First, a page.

Researchers Discover Protein Activity That Could Treat Gluten Intolerance and Celiac Disease

Celiac disease is an auto-immune reaction faced by people who have gluten allergy or intolerance.

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Researchers Discover Protein Activity That Could Treat Gluten Intolerance and Celiac Disease

Scientists have discovered a new protein that may come in handy to treat celiac disease effectively. Celiac disease is an auto-immune reaction faced by people who have gluten allergy or intolerance. In this condition, whenever a person who is gluten intolerant consumed anything with gluten, a protein found in wheat, barley and rye, he/she has allergic reactions.

The study conducted by researchers at the Stanford University was published in the Journal of Biological Chemistry. According to the researchers this new enzyme could prove to eb a path-breaking intervention in treatment of the disease.

The disorder is said to affects by some estimates nearly 1 in 100 people. The symptoms of the disease involves, belching, diarrhoea, fat in stool, indigestion, nausea, vomiting, or flatulence. While the gluten intolerance is triggered by a protein found in wheat and related plants, the digestive symptoms that patients suffer aren't for gluten alone. The study suggested that gluten activates overactive immune response when it's modified by the enzyme transglutaminase 2, or TG2, in the small intestine. The researchers have identified the enzyme that turns off TG2, potentially paving the way for new treatments for celiac disease.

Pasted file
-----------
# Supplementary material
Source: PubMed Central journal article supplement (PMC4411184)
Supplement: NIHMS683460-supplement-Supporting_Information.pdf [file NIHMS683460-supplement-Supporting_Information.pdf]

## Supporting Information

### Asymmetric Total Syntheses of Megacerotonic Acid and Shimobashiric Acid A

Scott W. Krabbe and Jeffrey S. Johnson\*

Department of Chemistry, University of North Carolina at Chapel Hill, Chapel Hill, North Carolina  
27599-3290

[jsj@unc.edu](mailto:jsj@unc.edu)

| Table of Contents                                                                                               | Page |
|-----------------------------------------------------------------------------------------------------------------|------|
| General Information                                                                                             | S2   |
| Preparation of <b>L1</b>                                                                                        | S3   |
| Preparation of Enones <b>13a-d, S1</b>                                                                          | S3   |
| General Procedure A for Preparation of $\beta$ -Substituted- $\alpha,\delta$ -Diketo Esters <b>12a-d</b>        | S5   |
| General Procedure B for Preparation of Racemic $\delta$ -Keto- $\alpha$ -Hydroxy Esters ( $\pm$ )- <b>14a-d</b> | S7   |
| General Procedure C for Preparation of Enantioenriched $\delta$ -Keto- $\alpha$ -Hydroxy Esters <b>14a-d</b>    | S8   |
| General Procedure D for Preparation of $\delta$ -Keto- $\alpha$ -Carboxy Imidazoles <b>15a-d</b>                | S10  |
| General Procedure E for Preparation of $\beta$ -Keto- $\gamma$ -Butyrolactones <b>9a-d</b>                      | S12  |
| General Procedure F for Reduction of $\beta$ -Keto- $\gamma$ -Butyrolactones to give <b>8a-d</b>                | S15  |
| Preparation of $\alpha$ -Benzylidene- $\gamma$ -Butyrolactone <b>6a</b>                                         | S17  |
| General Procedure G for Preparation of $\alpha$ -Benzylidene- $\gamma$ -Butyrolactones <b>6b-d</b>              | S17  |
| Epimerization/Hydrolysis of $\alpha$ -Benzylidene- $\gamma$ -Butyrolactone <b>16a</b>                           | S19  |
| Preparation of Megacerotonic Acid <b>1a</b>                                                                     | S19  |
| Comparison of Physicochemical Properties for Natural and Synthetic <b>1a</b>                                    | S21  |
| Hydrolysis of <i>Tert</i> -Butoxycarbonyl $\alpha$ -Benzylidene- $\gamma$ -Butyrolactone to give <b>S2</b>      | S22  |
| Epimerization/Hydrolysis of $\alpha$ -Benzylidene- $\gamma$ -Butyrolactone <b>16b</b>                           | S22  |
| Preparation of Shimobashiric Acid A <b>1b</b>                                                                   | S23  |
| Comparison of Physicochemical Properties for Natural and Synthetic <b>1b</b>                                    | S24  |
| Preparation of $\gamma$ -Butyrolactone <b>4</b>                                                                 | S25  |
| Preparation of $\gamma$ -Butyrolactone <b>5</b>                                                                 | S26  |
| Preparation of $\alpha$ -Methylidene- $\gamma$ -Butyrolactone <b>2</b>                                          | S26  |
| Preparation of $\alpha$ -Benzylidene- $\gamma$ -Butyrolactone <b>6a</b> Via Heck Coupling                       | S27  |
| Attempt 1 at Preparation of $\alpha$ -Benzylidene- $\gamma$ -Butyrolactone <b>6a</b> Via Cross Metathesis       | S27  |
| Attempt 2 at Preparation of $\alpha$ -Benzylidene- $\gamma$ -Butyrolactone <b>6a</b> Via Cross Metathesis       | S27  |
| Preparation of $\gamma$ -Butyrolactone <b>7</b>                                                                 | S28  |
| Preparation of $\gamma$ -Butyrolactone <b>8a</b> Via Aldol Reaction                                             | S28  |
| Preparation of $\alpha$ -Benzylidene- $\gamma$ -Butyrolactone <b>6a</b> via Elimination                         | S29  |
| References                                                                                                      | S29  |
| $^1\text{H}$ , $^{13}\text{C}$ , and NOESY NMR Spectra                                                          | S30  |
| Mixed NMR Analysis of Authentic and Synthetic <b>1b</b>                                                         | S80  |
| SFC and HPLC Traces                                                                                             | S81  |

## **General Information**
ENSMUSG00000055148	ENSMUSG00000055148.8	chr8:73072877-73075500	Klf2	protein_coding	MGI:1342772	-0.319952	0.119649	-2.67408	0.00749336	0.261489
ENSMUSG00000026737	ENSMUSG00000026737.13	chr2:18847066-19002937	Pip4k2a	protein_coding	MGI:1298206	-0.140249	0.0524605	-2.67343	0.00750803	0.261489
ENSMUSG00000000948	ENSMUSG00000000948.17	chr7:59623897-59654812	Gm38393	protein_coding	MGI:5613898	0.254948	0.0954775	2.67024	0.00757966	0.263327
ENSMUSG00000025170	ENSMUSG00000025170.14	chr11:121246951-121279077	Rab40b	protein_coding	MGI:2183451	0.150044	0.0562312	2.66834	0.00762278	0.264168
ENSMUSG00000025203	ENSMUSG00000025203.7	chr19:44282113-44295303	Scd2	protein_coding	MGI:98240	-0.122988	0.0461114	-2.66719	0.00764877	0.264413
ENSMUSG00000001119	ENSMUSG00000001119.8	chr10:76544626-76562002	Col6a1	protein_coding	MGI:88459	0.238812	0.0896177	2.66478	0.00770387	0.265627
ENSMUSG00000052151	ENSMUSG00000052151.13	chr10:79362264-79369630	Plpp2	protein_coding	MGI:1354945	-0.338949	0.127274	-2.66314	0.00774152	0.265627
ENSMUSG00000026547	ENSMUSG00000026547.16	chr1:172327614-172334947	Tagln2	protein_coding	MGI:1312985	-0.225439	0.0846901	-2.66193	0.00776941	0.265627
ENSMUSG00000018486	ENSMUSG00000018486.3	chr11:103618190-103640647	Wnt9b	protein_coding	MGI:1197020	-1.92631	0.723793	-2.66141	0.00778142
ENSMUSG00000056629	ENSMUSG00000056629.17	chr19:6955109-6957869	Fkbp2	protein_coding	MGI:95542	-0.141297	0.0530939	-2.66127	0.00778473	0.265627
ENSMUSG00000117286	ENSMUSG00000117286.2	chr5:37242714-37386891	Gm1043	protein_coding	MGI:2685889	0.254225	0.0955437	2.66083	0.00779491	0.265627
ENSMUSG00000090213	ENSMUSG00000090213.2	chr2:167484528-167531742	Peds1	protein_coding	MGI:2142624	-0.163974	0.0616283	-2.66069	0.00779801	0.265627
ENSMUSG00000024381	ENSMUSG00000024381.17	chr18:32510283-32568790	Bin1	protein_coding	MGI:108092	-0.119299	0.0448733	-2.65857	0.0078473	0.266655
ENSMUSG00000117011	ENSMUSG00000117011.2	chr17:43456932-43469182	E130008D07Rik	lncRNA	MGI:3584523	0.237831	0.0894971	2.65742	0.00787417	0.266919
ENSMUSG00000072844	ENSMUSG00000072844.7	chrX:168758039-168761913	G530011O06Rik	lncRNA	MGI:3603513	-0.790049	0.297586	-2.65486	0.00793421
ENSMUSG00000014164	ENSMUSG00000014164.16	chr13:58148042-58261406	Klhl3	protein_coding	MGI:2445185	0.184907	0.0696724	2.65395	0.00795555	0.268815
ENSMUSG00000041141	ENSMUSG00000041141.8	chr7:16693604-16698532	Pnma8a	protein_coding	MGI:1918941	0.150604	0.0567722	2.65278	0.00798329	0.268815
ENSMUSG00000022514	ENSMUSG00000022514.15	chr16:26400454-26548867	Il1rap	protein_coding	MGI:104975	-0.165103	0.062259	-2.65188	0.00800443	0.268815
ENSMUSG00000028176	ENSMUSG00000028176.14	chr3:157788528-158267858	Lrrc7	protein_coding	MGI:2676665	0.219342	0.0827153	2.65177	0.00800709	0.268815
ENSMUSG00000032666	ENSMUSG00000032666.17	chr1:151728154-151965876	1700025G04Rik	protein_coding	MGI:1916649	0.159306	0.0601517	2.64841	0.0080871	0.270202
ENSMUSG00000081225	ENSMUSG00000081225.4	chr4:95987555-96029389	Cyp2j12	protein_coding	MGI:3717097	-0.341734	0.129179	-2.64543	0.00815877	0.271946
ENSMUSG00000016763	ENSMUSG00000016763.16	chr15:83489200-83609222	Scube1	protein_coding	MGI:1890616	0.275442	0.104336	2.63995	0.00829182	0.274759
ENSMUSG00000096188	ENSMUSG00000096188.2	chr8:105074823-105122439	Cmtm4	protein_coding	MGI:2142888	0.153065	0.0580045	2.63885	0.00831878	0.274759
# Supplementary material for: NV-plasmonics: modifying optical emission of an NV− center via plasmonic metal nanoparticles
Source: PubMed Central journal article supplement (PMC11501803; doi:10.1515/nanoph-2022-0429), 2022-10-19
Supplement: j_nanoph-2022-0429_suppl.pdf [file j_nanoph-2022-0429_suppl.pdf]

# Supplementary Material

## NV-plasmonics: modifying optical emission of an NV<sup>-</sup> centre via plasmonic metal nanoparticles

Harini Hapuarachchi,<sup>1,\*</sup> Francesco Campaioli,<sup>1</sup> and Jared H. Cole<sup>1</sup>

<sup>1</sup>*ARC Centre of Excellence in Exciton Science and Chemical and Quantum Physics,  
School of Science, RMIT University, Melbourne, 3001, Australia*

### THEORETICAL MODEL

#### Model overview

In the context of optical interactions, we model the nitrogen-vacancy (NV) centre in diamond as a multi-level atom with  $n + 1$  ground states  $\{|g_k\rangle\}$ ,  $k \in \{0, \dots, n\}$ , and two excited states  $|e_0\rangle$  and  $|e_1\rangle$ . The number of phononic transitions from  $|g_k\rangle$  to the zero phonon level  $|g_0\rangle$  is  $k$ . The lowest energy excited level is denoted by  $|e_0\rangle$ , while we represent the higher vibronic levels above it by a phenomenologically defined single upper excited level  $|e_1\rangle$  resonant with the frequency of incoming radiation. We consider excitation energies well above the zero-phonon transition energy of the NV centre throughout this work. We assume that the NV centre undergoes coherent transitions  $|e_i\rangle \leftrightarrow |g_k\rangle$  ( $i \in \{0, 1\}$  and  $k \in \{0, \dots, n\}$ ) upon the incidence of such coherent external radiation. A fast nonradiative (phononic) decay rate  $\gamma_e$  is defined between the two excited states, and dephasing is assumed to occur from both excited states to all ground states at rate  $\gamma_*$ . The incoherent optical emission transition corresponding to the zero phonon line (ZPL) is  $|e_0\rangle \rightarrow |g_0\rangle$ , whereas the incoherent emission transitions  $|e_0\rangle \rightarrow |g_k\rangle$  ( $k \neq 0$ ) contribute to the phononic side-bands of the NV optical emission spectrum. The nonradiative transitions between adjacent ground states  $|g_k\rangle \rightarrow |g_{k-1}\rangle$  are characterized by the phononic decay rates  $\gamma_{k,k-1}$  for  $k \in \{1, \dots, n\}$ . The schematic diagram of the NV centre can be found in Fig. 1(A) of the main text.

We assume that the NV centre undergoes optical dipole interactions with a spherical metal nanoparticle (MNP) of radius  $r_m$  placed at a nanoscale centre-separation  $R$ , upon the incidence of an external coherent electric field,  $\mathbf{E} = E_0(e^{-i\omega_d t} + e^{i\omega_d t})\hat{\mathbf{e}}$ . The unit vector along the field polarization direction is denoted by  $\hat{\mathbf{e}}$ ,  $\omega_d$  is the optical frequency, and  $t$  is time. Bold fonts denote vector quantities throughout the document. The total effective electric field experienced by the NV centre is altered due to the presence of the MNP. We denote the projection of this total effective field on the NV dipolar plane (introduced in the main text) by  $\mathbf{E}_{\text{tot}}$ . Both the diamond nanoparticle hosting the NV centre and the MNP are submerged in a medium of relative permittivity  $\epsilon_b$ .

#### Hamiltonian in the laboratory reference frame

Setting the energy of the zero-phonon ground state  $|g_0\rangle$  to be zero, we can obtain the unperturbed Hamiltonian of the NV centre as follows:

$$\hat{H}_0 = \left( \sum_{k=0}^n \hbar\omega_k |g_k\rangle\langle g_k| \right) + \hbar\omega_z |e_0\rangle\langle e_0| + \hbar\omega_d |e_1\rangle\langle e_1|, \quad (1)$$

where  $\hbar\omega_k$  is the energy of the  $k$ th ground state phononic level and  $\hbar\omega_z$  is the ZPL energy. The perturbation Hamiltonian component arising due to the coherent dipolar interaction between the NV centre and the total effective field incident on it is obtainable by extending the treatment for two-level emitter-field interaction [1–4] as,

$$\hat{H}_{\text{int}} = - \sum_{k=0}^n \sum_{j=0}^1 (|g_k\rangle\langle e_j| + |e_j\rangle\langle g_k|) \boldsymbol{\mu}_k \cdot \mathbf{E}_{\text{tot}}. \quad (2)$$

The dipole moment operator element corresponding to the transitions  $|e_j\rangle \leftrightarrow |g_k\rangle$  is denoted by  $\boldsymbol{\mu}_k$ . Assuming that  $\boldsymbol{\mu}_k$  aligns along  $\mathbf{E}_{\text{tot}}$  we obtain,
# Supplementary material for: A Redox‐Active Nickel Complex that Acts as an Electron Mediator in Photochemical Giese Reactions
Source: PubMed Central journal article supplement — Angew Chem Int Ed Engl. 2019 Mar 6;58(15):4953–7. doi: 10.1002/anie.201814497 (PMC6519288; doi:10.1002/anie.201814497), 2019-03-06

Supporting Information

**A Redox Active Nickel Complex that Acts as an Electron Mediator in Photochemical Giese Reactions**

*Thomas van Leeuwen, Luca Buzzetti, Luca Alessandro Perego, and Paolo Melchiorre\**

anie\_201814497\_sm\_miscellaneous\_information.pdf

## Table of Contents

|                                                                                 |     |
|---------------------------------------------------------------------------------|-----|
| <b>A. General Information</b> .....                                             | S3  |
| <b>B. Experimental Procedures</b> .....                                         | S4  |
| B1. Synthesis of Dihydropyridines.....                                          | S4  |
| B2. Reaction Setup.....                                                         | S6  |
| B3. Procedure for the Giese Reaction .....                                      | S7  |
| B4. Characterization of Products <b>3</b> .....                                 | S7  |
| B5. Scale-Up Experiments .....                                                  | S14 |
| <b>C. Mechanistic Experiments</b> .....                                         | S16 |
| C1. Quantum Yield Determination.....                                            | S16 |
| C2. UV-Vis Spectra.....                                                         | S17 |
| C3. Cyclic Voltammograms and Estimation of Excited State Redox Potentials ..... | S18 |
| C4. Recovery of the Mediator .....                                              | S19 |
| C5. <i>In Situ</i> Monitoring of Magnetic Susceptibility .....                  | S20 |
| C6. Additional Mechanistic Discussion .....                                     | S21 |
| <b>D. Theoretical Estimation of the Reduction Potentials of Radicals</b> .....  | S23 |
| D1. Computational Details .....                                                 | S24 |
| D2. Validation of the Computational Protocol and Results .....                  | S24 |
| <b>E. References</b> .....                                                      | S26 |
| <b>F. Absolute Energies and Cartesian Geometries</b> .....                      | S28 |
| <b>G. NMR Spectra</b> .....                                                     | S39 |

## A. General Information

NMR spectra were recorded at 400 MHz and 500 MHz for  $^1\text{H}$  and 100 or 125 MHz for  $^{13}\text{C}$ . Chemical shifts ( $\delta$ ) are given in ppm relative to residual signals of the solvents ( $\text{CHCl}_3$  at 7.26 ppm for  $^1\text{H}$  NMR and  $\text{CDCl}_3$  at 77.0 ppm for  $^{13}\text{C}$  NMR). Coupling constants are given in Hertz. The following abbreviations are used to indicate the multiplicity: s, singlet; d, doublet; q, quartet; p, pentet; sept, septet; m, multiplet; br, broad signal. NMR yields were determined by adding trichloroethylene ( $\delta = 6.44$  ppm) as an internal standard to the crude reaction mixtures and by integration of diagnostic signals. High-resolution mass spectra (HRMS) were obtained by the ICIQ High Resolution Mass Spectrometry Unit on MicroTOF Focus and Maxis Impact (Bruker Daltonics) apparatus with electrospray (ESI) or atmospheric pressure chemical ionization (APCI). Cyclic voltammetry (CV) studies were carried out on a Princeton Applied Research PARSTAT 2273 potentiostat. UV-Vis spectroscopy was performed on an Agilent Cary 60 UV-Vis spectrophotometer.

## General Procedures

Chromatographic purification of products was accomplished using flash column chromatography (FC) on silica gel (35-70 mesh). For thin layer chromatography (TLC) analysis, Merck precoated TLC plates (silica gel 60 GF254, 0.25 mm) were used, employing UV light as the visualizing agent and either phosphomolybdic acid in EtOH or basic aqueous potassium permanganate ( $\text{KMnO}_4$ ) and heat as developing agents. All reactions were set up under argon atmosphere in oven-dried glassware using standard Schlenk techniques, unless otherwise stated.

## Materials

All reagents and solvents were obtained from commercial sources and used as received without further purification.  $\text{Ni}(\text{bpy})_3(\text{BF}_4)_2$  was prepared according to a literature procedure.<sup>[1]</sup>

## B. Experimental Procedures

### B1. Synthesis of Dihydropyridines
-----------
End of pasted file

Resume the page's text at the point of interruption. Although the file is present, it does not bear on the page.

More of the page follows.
Currently, best approach to treat celiac disease is to stick to a gluten-free diet. This study may make way to therapies to treat people with celiac disease. Our relatively poor understanding of TG2 could be the reason behind the lack of therapies, according to the researchers.

The study said, "TG2 is oxidatively inactivated by the protein disulfide isomerase ERp57, providing the first example of a defined and reversible protein-controlled redox switch and pointing to new strategies to inhibit undesirable TG2 activity in pathological states"/

The interaction of gluten and its impact on immune response has been well studied. However the mysteries surrounding TG2 protein and especially its behavior in people without celiac disease needs to be studied too.

Chaitan Khosla who was closely associated to the study right from the start has conducted many studies in the past that reflected upon the behavior of TG2. TG2 can be active or inactive, depending on the forming or breaking of a specific chemical bond, called a disulfide bond, between two amino acids in the enzyme. According to Khosla, even though there's a lot of TG2 protein in the small intestine, it's all inactive. Therefore despite its abundance, the question came down to what turns the protein on and then what turns it off.

The study was performed on cell cultures. It was found that there is an enzyme that re-forms this bond, inactivating TG2. This enzyme, ERp57, is mainly known for helping fold proteins inside the cell. When it turns off TG2, it does so outside of cells. How (Erp57) gets outside the cell, is one of the most peculiar aspect of ERp57 which needs to be studies in detail said the researchers. Understanding this on and off chemistry could be the key to celiac treatment .

A gluten-free diet could be a tedious diet to follow considering India's fixation with wheat. However it is not impossible. Here is a list of 7 gluten free grains you must know of.

1. Rice

2. Sorghum

3. Millet

4. Amaranth

5. Buckwheat

6. Ragi

7. Quinoa

 


 


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